Thursday, June 18, 2009
Interview: Author Mark Caro reports from the Front Lines of the Foie Gras Wars
When hard boiled Chicago Tribune newspaperman Mark Caro reported that Charlie Trotter thought a rival chef's liver should be eaten because he was critical of Trotter's decision to stop serving Foie Gras a firestorm was set off that landed on the front pages of the great Chicago newspaper (and made national news to boot).
The story evolved into a book The Foie Gras Wars: How a 5,000 Year-Old Delicacy Inspired by the World's Fiercest Food Fight (Simon and Schuster) in which author Caro chronicles the history, lore, politics and players in this particular culinary controversy. Mr. Caro was nice enough to talk to Mark and Lynn about the book, the characters and why Ducks are a little different than other animals...
M & L: If Charlie Trotter had not made the infamous remark about eating Rick Tramonto's liver do you think you would have authored this book? And, do you think Charlie Trotter has ever regretted making that remark?
MC: "That's an interesting question. If Trotter hadn't made that comment, I still would've written an in-depth Tribune story on the subject, but it probably wouldn't have run on the front page, and there's a chance Chicago Ald. Joe Moore might not have read it and/or proposed the city's ban. Then again, Trotter's stance might have gotten national and local attention regardless, and the actual issues would have been the same, and that's what Moore said he was reacting to. At any rate, I had the idea for the book well before Chicago passed its ban; I'd been interested in doing something exploring our collective deniability regarding where our food comes from, and this seemed like an interesting--and simultaneously amusing and serious--way to get into that. Whether SImon & Schuster or anyone else would've bought the book if I didn't have the hook of Chicago's ban...I'lll never know."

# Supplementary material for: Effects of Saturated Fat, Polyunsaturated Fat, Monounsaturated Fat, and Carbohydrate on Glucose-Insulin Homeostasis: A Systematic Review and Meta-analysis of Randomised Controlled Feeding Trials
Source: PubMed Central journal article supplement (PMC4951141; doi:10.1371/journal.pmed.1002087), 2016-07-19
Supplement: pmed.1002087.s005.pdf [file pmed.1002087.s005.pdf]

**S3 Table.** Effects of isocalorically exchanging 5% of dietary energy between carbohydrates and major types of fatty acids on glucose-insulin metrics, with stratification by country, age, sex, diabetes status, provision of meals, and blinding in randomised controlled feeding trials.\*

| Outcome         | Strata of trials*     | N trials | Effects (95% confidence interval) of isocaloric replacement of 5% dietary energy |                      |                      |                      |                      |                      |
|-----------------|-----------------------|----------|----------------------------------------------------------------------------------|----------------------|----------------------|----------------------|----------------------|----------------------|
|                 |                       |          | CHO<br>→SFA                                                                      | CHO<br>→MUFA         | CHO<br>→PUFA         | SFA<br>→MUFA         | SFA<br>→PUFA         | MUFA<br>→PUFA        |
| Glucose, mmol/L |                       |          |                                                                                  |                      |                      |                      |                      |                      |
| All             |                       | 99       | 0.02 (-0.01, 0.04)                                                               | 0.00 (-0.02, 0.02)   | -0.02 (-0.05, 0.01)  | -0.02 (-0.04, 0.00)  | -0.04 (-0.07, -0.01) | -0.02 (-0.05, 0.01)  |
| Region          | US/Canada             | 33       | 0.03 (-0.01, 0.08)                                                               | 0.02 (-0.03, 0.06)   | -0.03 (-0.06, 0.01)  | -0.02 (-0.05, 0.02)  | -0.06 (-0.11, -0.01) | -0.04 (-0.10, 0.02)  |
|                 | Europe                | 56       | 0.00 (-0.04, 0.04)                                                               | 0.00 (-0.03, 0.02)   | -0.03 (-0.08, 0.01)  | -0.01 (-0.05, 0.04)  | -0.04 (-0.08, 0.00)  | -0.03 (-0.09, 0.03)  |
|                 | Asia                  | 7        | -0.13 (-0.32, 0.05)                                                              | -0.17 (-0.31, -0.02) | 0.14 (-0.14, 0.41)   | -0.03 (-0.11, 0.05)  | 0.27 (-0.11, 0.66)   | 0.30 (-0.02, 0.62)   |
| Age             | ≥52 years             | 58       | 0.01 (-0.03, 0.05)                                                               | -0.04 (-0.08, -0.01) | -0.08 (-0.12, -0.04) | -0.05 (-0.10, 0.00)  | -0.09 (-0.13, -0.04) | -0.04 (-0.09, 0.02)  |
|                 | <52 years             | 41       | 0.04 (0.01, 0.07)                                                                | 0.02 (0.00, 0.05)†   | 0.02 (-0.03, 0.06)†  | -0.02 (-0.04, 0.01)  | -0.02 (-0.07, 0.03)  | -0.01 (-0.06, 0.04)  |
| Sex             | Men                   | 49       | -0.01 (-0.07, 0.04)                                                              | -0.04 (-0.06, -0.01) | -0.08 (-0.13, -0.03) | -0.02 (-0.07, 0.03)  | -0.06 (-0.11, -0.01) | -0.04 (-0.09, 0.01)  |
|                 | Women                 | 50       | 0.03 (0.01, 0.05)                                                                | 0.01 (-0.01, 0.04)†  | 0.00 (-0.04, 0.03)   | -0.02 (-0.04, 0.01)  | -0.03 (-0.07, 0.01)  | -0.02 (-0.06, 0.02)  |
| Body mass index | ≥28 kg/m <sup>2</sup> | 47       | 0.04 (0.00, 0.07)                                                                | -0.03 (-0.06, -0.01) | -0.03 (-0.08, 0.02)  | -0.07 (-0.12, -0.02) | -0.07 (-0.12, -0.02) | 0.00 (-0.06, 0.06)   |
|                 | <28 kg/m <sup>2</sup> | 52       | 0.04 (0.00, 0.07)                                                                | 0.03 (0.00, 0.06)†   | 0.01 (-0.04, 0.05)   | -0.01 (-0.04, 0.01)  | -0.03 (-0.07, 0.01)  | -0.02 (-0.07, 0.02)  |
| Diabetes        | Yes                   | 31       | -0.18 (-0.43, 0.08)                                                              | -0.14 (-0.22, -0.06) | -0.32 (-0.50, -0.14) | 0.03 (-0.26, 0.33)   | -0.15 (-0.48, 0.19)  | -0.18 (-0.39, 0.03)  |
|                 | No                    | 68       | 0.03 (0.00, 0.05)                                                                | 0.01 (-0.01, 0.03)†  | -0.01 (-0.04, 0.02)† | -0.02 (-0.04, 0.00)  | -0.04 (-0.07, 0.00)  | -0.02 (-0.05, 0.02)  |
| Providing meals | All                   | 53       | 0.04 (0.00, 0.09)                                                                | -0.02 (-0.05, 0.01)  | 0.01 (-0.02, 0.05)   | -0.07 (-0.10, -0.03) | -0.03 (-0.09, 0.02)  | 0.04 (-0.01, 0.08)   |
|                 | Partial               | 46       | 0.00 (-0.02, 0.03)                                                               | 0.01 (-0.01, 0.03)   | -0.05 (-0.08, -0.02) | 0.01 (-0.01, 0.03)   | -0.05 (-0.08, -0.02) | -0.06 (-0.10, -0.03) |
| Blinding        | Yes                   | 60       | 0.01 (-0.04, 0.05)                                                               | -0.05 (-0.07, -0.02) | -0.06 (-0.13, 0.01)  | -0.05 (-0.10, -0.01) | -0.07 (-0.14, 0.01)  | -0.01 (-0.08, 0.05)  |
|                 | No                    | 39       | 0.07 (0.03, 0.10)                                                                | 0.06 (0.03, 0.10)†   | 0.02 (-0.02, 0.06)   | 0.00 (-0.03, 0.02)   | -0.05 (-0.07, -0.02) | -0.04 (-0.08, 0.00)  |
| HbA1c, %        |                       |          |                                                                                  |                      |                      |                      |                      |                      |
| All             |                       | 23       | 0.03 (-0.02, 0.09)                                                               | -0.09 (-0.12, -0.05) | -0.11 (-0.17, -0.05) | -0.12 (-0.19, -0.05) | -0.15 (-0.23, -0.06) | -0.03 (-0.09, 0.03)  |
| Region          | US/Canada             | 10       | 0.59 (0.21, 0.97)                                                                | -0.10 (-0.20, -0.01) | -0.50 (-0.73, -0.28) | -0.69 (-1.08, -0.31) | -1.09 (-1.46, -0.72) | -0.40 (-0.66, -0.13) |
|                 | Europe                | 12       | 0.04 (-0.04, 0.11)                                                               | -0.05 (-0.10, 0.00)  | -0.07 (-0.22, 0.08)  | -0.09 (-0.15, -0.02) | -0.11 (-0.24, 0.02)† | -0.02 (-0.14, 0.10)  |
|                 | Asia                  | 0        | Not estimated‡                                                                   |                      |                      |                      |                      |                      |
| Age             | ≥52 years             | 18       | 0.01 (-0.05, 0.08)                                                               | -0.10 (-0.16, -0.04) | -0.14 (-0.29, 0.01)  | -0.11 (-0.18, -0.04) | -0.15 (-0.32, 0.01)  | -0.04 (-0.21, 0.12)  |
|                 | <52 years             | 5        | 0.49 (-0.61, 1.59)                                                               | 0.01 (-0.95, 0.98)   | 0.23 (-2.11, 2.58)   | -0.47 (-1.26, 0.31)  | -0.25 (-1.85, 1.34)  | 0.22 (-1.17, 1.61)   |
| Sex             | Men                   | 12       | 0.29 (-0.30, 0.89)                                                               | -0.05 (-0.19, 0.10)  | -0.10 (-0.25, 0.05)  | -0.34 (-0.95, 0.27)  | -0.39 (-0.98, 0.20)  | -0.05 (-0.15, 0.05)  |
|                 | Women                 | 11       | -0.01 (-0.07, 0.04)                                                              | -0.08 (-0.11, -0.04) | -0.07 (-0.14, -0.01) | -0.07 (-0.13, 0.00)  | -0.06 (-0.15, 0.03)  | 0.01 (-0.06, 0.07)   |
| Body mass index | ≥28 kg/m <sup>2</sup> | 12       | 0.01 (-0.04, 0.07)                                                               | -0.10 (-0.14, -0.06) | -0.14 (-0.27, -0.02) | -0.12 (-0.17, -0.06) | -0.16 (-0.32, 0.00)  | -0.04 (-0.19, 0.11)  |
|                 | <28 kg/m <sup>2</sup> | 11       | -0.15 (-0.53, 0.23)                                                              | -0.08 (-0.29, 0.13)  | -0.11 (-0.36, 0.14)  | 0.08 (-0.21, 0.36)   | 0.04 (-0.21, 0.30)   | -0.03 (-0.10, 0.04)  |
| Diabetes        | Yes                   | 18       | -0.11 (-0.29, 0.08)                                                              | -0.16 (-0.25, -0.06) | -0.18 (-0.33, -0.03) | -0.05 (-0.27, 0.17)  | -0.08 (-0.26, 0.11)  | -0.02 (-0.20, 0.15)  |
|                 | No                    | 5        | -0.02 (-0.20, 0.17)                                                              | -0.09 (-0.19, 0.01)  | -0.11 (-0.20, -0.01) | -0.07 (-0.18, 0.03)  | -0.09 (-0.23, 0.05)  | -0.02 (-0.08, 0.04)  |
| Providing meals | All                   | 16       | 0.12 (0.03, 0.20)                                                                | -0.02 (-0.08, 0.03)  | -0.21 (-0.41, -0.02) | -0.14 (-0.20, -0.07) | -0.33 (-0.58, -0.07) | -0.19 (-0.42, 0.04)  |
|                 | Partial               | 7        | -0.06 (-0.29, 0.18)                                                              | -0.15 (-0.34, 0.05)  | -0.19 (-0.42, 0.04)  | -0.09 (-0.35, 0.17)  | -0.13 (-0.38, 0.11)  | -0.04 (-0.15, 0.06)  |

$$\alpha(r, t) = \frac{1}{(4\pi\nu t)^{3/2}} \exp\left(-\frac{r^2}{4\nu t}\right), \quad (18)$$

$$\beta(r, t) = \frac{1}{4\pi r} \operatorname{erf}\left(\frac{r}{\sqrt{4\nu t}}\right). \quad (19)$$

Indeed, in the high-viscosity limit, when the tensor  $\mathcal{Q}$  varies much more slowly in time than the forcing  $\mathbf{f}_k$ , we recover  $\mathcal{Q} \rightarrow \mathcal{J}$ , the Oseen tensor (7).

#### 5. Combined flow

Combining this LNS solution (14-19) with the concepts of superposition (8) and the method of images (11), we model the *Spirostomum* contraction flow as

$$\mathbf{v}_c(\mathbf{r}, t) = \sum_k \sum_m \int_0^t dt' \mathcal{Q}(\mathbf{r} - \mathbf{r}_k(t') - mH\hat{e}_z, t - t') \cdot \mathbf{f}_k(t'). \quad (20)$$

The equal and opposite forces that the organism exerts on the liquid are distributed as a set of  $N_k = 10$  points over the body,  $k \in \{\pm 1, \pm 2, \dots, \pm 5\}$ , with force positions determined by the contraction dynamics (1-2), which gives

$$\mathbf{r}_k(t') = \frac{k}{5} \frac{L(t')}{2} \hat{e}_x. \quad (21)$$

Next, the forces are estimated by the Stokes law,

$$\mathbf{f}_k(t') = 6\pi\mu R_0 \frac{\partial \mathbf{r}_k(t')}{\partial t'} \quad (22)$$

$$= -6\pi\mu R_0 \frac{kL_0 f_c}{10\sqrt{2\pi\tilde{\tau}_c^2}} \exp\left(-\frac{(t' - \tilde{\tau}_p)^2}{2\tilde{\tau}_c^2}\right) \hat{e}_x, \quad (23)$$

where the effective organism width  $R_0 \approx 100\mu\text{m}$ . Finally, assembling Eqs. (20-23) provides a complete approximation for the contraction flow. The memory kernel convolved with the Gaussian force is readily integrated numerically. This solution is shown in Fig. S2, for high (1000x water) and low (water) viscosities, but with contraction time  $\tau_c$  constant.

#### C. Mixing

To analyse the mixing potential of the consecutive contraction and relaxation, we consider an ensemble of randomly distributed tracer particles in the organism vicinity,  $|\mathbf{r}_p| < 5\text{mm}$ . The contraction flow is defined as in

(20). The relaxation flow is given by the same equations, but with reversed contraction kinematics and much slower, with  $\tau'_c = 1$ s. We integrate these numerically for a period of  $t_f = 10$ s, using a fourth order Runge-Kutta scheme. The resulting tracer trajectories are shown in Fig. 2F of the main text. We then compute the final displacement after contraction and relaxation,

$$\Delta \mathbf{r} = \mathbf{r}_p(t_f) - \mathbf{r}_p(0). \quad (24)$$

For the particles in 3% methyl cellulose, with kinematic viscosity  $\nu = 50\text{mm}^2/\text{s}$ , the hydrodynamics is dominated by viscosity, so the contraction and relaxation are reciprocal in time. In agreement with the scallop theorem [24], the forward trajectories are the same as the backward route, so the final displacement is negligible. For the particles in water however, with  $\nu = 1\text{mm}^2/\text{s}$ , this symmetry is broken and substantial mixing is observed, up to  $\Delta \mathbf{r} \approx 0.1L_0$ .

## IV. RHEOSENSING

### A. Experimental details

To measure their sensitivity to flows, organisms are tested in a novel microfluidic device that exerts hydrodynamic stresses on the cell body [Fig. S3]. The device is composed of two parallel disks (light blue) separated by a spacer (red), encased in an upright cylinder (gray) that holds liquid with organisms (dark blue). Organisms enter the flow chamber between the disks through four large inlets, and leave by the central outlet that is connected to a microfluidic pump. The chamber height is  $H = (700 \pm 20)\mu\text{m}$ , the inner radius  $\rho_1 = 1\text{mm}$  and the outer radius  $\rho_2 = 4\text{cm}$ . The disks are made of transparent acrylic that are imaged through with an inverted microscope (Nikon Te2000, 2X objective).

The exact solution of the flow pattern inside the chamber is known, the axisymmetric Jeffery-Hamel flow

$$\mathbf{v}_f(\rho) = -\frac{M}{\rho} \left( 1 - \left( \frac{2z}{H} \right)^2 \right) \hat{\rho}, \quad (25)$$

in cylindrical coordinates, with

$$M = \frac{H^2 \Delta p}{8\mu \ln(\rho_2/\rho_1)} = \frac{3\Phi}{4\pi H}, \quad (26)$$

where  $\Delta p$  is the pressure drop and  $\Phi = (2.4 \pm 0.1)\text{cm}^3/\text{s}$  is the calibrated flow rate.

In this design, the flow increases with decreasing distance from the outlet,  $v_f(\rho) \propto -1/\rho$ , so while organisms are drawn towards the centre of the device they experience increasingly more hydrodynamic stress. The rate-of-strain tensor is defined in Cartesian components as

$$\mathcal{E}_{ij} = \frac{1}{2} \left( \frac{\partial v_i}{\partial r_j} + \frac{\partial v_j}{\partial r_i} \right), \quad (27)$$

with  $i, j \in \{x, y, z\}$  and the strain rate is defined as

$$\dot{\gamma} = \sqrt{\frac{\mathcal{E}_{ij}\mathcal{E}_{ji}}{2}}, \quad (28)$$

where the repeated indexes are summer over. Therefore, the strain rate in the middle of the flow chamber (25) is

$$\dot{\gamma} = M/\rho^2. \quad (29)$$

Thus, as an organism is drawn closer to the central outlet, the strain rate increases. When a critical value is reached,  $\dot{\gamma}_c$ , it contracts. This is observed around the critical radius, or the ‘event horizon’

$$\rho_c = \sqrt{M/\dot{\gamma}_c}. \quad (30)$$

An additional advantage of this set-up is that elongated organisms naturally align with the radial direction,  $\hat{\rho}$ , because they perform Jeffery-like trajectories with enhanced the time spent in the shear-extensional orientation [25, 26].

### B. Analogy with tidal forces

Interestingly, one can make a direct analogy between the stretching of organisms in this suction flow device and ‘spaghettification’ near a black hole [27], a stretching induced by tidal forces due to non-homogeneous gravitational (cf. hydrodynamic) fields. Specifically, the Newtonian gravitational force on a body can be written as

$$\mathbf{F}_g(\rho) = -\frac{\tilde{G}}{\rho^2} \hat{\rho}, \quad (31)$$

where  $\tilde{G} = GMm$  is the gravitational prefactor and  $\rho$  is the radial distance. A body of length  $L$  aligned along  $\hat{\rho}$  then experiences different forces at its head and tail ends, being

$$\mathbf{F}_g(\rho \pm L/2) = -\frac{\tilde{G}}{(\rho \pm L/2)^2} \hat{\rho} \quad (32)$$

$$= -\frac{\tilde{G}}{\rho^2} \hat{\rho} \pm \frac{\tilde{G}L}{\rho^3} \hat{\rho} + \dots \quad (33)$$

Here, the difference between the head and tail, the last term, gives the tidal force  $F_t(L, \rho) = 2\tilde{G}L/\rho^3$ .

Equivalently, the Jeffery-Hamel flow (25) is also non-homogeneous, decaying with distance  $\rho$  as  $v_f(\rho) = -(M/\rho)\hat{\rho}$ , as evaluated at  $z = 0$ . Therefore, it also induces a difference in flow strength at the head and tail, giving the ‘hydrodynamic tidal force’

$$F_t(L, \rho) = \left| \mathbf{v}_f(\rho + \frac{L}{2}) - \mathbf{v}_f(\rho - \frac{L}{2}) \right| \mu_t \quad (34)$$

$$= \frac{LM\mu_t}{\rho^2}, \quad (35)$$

"As for whether Chef Trotter ever regretted making that remark, he said afterward that he felt bad for expressing himself that way but added that one must "open a can of whup-ass" every once in a while. So that wasn't the most self-flagellating apology ever issued. I assume he was aware that he'd stir up some attention. I think he may regret having been associated with this controversy for quite so long as he has a lot more going on than his non-service of foie gras."
M & L: There are all kinds of rough/inhumane treatment of animals that are bred to end up as food-Is there something in particular that strikes a cord with people with this issue involving ducks?
MC "I think several factors contribute to people having an especially visceral reaction to foie gras production. For one, we like ducks and anthropomorphize them far more than, say, chickens; hence the existence of Daffy, Donald and the Aflac duck. We also encounter them more in nature; even in cities, we see them in ponds. So we have a problem hearing that these cute, funny little quackers are having metal tubes dropped down their throats. We imagine what it would feel like if we were the ducks--but we aren't ducks. Our throats are different (we don't swallow whole fish, for instance), our breathing is different (our air hole isn't under the center of our tongues, and we'd gag in a way that they don't), and we don't store fat in our livers and under our skin. Also, because people don't eat duck and especially foie gras so much, they're more willing to give it up for the sake of the animal. They haven't shown such an inclination to learn about how broiler chickens or layer hens are treated and to adjust their buying and eating habits accordingly."
M & L : Was there anything that struck you as odd in writing this book?
MC: "Aside from writing 300+ pages about people fighting over duck and goose livers? Where do I begin?"
M & L: I know it is a bit of an obvious question but has this book changed your eating habits?
MC: "It has, but in odd ways. I really was eating a lot of chicken and almost no red meat when I began my research--on the theory that eating mammals was somehow worse than eating birds--and I was surprised to learn from reading animal-rights guru Peter Singer ("Animal Liberation," "The Ethics of What We Eat") and talking to top PETA and Humane Society of the United States officials that they all consider cows to be better treated than the bulk of mass-produced food animals. I'm still not ordering Big Macs and Whoppers, but I'm no longer on principle saying no to beef, especially if I know it's from a smaller farm, and I do spend the extra money for the cage-free eggs and free-range chicken. So there you have it: Researching fat duck livers has made me a more diverse omnivore--though a more ethical one too, I hope."
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Links of note from M & L...
- I (Mark) have written for The Christian Science Monitor, Clear Magazine, Picture Magazine, Film Score Monthly, Dan's Papers, Rue Morgue, In Flight USA and a lot more publications that I can't remember.... My wife Lynn was a model with the Ford Agency and her photography has been featured in most of the publications I have written for...